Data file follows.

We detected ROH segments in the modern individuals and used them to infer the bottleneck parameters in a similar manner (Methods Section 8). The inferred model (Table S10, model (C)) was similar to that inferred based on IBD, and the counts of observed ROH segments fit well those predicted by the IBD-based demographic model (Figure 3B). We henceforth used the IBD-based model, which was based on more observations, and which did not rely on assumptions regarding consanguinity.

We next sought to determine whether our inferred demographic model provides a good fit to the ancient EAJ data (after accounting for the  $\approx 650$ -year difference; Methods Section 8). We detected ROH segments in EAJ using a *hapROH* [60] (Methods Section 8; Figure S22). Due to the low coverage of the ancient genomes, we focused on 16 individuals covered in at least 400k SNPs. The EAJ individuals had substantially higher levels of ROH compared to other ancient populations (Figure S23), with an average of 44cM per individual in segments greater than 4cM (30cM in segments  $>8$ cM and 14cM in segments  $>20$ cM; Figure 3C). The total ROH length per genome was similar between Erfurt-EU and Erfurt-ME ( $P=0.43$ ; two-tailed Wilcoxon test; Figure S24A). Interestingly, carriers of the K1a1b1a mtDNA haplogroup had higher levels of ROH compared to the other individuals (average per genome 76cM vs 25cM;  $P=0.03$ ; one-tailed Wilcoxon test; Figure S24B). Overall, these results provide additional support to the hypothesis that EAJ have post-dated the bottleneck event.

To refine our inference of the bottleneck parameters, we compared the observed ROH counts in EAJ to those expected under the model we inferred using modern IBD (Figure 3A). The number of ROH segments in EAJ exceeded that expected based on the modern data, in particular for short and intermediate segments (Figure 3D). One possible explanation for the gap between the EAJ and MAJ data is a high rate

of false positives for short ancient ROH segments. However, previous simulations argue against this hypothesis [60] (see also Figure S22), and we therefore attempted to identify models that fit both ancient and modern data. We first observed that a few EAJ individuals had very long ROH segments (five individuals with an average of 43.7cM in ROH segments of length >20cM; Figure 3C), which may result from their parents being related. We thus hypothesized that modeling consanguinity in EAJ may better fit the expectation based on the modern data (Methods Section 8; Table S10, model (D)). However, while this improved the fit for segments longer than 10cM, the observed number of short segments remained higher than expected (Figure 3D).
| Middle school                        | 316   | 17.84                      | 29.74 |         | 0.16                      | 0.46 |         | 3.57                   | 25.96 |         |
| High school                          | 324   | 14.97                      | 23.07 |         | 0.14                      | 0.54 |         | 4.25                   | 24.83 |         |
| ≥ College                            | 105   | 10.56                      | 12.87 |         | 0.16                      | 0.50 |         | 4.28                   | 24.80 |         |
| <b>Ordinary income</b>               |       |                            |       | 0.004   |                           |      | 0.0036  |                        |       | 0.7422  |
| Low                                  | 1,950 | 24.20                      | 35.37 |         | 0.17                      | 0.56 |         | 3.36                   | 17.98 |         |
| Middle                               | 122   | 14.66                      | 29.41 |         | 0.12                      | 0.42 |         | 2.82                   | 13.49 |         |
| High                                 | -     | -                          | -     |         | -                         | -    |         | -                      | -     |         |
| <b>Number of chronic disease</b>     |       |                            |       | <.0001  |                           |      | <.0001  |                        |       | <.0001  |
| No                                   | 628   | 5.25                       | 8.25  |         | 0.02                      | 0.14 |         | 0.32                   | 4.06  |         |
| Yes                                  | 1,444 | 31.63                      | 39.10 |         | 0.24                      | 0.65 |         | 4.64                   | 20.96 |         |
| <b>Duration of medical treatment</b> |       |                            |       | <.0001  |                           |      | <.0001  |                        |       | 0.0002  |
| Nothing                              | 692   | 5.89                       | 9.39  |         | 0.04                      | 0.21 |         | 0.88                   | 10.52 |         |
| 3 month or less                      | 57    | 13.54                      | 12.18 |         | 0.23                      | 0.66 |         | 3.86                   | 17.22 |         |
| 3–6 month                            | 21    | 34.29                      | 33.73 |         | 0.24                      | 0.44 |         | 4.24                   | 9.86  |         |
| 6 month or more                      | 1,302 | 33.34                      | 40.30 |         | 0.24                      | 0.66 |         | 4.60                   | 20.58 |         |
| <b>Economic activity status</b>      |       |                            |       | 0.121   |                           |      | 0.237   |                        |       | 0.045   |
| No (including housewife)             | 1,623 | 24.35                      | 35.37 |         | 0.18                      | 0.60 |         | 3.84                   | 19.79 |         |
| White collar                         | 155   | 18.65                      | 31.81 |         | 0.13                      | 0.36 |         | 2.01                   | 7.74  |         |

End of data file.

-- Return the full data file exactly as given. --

We detected ROH segments in the modern individuals and used them to infer the bottleneck parameters in a similar manner (Methods Section 8). The inferred model (Table S10, model (C)) was similar to that inferred based on IBD, and the counts of observed ROH segments fit well those predicted by the IBD-based demographic model (Figure 3B). We henceforth used the IBD-based model, which was based on more observations, and which did not rely on assumptions regarding consanguinity.

We next sought to determine whether our inferred demographic model provides a good fit to the ancient EAJ data (after accounting for the  $\approx 650$ -year difference; Methods Section 8). We detected ROH segments in EAJ using a *hapROH* [60] (Methods Section 8; Figure S22). Due to the low coverage of the ancient genomes, we focused on 16 individuals covered in at least 400k SNPs. The EAJ individuals had substantially higher levels of ROH compared to other ancient populations (Figure S23), with an average of 44cM per individual in segments greater than 4cM (30cM in segments  $>8$ cM and 14cM in segments  $>20$ cM; Figure 3C). The total ROH length per genome was similar between Erfurt-EU and Erfurt-ME ( $P=0.43$ ; two-tailed Wilcoxon test; Figure S24A). Interestingly, carriers of the K1a1b1a mtDNA haplogroup had higher levels of ROH compared to the other individuals (average per genome 76cM vs 25cM;  $P=0.03$ ; one-tailed Wilcoxon test; Figure S24B). Overall, these results provide additional support to the hypothesis that EAJ have post-dated the bottleneck event.

To refine our inference of the bottleneck parameters, we compared the observed ROH counts in EAJ to those expected under the model we inferred using modern IBD (Figure 3A). The number of ROH segments in EAJ exceeded that expected based on the modern data, in particular for short and intermediate segments (Figure 3D). One possible explanation for the gap between the EAJ and MAJ data is a high rate

of false positives for short ancient ROH segments. However, previous simulations argue against this hypothesis [60] (see also Figure S22), and we therefore attempted to identify models that fit both ancient and modern data. We first observed that a few EAJ individuals had very long ROH segments (five individuals with an average of 43.7cM in ROH segments of length >20cM; Figure 3C), which may result from their parents being related. We thus hypothesized that modeling consanguinity in EAJ may better fit the expectation based on the modern data (Methods Section 8; Table S10, model (D)). However, while this improved the fit for segments longer than 10cM, the observed number of short segments remained higher than expected (Figure 3D).
| Middle school                        | 316   | 17.84                      | 29.74 |         | 0.16                      | 0.46 |         | 3.57                   | 25.96 |         |
| High school                          | 324   | 14.97                      | 23.07 |         | 0.14                      | 0.54 |         | 4.25                   | 24.83 |         |
| ≥ College                            | 105   | 10.56                      | 12.87 |         | 0.16                      | 0.50 |         | 4.28                   | 24.80 |         |
| <b>Ordinary income</b>               |       |                            |       | 0.004   |                           |      | 0.0036  |                        |       | 0.7422  |
| Low                                  | 1,950 | 24.20                      | 35.37 |         | 0.17                      | 0.56 |         | 3.36                   | 17.98 |         |
| Middle                               | 122   | 14.66                      | 29.41 |         | 0.12                      | 0.42 |         | 2.82                   | 13.49 |         |
| High                                 | -     | -                          | -     |         | -                         | -    |         | -                      | -     |         |
| <b>Number of chronic disease</b>     |       |                            |       | <.0001  |                           |      | <.0001  |                        |       | <.0001  |
| No                                   | 628   | 5.25                       | 8.25  |         | 0.02                      | 0.14 |         | 0.32                   | 4.06  |         |
| Yes                                  | 1,444 | 31.63                      | 39.10 |         | 0.24                      | 0.65 |         | 4.64                   | 20.96 |         |
| <b>Duration of medical treatment</b> |       |                            |       | <.0001  |                           |      | <.0001  |                        |       | 0.0002  |
| Nothing                              | 692   | 5.89                       | 9.39  |         | 0.04                      | 0.21 |         | 0.88                   | 10.52 |         |
| 3 month or less                      | 57    | 13.54                      | 12.18 |         | 0.23                      | 0.66 |         | 3.86                   | 17.22 |         |
| 3–6 month                            | 21    | 34.29                      | 33.73 |         | 0.24                      | 0.44 |         | 4.24                   | 9.86  |         |
| 6 month or more                      | 1,302 | 33.34                      | 40.30 |         | 0.24                      | 0.66 |         | 4.60                   | 20.58 |         |
| <b>Economic activity status</b>      |       |                            |       | 0.121   |                           |      | 0.237   |                        |       | 0.045   |
| No (including housewife)             | 1,623 | 24.35                      | 35.37 |         | 0.18                      | 0.60 |         | 3.84                   | 19.79 |         |
| White collar                         | 155   | 18.65                      | 31.81 |         | 0.13                      | 0.36 |         | 2.01                   | 7.74  |         |